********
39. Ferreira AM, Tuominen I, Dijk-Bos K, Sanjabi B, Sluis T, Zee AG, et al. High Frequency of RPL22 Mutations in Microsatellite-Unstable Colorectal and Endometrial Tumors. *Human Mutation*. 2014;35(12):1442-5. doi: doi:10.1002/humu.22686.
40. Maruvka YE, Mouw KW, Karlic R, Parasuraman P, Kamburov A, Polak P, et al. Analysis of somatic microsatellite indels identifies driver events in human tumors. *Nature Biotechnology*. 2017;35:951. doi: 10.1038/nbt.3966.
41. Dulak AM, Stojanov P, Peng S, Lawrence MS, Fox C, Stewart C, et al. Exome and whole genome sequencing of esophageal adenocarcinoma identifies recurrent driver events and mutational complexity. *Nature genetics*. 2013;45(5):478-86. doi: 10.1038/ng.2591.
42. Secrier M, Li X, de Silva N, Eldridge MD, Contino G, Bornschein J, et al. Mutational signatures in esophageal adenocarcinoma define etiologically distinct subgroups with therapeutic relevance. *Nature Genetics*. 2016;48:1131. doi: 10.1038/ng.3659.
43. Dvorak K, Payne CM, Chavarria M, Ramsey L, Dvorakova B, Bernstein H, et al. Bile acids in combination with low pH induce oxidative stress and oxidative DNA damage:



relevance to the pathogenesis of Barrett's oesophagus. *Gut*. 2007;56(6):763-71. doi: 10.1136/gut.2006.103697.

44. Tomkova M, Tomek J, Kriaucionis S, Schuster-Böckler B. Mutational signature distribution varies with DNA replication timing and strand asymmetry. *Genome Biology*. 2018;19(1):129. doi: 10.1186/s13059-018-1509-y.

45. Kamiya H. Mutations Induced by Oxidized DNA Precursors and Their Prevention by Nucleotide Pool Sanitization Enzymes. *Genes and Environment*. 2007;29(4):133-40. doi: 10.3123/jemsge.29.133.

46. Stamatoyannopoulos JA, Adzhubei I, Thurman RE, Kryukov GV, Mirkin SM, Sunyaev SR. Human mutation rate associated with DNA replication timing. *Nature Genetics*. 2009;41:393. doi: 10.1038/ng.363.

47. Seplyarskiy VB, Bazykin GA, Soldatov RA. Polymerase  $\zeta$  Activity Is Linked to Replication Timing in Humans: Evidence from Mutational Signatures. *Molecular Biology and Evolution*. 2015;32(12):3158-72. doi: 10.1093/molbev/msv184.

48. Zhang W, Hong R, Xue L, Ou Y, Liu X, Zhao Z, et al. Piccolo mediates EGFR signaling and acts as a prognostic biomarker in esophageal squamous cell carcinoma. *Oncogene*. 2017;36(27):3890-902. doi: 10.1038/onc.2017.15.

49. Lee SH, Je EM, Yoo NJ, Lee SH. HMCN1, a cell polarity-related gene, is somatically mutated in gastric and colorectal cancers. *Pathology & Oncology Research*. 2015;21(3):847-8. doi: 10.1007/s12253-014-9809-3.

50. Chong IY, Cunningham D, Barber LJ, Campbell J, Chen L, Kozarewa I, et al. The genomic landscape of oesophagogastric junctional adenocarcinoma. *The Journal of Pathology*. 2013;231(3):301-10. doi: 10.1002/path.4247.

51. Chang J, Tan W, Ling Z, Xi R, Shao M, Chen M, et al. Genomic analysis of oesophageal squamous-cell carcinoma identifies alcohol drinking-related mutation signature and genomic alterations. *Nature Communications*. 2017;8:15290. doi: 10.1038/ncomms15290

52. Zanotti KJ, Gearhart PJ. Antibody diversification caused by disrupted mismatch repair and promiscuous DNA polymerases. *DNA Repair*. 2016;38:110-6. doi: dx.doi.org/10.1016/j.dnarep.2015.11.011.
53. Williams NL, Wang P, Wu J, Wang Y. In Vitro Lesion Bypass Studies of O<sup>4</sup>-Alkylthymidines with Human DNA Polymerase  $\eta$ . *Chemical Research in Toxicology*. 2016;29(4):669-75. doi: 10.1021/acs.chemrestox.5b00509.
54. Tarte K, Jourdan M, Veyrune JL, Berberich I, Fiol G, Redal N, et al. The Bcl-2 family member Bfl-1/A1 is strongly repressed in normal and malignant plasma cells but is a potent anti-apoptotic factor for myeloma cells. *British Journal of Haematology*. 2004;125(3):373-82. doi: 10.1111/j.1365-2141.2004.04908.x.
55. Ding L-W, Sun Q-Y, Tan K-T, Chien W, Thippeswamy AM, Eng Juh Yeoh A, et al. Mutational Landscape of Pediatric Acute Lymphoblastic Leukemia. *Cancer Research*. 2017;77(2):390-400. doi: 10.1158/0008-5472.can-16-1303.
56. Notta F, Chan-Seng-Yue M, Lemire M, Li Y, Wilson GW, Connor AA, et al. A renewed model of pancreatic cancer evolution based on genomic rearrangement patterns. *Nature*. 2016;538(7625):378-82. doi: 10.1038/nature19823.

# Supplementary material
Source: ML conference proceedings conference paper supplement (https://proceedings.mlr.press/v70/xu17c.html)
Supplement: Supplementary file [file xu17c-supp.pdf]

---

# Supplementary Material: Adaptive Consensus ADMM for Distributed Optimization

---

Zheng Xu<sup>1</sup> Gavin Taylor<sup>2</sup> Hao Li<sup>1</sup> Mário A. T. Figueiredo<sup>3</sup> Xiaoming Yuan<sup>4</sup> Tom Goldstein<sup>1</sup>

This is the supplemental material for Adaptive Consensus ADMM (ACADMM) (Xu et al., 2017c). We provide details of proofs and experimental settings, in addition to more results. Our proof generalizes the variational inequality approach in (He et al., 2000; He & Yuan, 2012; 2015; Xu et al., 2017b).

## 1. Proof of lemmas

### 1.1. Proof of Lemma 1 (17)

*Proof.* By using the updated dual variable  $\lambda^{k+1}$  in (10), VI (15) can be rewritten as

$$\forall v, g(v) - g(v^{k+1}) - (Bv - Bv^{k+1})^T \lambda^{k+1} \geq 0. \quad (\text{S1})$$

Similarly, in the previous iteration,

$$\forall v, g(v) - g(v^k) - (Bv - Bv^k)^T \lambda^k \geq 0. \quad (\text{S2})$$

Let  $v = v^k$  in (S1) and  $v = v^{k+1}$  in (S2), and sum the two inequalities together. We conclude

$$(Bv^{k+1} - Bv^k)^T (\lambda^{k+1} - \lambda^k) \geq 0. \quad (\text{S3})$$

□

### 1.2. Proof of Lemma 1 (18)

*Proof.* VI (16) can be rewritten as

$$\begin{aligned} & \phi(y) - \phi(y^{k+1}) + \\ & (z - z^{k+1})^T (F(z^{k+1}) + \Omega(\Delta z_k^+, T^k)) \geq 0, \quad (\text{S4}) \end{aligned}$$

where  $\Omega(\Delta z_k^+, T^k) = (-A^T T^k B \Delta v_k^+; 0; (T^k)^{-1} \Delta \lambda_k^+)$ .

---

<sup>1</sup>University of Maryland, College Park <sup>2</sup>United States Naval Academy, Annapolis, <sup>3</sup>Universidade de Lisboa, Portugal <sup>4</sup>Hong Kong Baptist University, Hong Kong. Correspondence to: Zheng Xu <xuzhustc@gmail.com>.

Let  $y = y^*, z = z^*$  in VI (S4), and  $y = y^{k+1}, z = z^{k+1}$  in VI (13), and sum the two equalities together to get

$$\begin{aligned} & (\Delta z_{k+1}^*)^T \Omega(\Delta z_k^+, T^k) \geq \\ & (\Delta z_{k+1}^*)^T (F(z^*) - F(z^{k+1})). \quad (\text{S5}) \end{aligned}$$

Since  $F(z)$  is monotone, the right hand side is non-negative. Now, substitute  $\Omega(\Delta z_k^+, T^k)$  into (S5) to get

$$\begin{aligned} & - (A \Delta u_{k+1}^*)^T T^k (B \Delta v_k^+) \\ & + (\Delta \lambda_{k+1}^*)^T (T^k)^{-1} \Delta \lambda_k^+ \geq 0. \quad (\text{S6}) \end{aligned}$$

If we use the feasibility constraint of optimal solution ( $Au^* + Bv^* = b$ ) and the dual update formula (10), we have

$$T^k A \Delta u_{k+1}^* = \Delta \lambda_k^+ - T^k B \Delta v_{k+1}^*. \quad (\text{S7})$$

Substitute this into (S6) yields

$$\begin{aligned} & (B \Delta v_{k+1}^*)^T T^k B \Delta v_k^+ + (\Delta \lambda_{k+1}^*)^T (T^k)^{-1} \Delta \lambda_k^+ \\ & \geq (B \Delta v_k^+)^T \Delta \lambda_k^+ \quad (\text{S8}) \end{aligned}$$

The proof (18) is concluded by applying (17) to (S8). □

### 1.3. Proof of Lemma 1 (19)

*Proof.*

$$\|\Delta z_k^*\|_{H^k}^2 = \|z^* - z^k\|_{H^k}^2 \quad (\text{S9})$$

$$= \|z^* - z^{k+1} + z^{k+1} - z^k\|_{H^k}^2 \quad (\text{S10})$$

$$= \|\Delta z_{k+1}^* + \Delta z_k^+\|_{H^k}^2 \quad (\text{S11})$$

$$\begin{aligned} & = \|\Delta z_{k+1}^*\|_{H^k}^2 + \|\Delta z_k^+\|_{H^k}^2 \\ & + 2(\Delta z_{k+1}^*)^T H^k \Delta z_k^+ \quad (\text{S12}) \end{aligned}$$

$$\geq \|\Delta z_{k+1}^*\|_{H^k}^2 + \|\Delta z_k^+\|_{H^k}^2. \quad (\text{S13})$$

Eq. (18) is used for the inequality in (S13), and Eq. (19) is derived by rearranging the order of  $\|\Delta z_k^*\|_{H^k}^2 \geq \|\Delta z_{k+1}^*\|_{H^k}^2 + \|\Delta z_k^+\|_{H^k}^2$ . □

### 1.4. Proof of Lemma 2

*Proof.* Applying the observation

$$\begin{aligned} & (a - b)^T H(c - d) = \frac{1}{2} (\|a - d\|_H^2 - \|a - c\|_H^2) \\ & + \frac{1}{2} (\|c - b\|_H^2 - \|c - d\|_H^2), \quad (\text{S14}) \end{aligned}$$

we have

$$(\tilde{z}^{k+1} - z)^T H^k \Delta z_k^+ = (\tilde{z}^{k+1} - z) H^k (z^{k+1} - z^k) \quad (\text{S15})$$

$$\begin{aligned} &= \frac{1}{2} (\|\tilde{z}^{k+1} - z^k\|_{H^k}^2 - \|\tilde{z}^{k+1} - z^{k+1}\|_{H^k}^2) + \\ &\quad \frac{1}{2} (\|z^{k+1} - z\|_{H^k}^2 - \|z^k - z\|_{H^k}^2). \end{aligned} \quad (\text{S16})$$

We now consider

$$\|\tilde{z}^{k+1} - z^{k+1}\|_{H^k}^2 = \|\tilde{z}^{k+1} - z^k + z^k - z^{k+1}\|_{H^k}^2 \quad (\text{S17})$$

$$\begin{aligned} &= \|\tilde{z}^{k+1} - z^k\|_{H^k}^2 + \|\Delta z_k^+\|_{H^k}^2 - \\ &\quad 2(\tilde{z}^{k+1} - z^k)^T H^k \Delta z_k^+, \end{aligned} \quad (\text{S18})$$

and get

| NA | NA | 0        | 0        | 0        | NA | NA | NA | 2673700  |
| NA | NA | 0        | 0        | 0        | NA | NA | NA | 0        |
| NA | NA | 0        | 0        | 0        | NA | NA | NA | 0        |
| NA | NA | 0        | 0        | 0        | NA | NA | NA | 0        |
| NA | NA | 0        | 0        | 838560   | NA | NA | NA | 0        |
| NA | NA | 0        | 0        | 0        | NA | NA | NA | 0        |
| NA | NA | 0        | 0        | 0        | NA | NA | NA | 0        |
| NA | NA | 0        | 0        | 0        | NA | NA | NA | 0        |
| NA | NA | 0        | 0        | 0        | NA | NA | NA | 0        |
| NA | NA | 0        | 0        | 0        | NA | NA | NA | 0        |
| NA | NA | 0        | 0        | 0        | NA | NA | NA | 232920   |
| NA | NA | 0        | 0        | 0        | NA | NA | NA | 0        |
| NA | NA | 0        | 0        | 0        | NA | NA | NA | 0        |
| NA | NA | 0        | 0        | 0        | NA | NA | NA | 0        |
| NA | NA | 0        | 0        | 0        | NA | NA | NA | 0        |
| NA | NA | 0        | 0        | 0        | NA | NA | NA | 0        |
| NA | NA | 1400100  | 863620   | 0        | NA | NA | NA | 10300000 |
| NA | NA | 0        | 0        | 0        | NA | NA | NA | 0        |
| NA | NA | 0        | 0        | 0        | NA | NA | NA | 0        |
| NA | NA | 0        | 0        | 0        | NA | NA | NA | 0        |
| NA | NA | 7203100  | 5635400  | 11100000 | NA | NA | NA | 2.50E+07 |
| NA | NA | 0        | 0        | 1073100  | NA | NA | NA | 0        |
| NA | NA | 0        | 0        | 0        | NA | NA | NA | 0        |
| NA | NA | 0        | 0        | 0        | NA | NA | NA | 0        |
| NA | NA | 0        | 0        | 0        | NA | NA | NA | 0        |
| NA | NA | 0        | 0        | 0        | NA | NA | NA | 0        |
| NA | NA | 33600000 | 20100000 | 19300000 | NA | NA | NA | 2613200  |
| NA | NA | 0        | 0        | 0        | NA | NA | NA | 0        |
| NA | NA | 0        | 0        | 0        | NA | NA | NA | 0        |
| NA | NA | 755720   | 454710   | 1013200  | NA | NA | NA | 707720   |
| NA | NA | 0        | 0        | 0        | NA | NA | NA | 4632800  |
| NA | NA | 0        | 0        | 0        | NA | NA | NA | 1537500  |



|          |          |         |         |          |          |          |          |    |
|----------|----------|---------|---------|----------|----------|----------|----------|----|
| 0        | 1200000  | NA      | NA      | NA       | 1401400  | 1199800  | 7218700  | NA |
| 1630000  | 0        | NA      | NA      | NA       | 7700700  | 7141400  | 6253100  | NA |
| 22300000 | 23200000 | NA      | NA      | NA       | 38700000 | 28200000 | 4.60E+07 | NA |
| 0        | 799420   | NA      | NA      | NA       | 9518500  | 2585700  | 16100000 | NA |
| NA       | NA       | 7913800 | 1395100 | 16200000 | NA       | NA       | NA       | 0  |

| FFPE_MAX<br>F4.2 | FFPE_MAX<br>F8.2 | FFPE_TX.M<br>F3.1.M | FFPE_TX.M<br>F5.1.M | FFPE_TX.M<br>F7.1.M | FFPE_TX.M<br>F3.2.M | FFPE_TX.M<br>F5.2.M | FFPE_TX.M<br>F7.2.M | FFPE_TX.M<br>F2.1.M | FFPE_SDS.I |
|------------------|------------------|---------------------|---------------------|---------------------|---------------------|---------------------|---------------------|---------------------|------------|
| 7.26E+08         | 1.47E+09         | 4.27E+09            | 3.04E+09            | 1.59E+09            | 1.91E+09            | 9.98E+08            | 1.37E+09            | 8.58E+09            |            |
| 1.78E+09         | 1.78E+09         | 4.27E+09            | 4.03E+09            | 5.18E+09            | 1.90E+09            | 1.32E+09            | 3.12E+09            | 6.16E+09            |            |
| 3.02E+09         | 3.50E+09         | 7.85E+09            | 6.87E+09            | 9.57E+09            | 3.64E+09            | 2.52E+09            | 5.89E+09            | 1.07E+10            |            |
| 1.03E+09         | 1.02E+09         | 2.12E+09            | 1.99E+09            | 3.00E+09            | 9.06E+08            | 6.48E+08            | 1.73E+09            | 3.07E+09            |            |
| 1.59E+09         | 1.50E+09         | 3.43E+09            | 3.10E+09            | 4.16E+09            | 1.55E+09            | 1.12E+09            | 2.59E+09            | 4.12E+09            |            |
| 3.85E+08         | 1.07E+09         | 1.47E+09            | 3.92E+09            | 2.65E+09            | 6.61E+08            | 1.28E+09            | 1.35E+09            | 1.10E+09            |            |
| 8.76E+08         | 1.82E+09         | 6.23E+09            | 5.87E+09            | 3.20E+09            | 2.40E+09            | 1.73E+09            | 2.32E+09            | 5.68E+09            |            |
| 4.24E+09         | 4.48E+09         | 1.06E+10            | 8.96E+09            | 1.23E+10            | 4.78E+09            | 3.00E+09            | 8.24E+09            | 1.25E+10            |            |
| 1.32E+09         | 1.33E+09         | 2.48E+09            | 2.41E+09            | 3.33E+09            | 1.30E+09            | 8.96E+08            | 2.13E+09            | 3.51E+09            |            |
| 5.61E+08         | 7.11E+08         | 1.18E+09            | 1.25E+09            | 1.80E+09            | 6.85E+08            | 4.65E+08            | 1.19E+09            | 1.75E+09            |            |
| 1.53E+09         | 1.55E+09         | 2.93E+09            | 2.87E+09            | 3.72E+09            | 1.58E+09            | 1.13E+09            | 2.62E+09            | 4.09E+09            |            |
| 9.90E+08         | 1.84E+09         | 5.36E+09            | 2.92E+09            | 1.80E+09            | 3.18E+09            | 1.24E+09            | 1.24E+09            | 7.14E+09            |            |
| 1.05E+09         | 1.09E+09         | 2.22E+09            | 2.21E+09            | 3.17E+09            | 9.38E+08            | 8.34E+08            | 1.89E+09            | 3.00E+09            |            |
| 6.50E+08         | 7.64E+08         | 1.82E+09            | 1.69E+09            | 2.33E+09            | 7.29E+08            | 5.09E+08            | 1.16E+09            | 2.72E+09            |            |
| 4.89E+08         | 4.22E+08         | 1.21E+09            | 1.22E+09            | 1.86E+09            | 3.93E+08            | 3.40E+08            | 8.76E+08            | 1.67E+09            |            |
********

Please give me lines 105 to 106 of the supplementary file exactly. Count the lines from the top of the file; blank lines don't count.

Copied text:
| 1630000  | 0        | NA      | NA      | NA       | 7700700  | 7141400  | 6253100  | NA |
| 22300000 | 23200000 | NA      | NA      | NA       | 38700000 | 28200000 | 4.60E+07 | NA |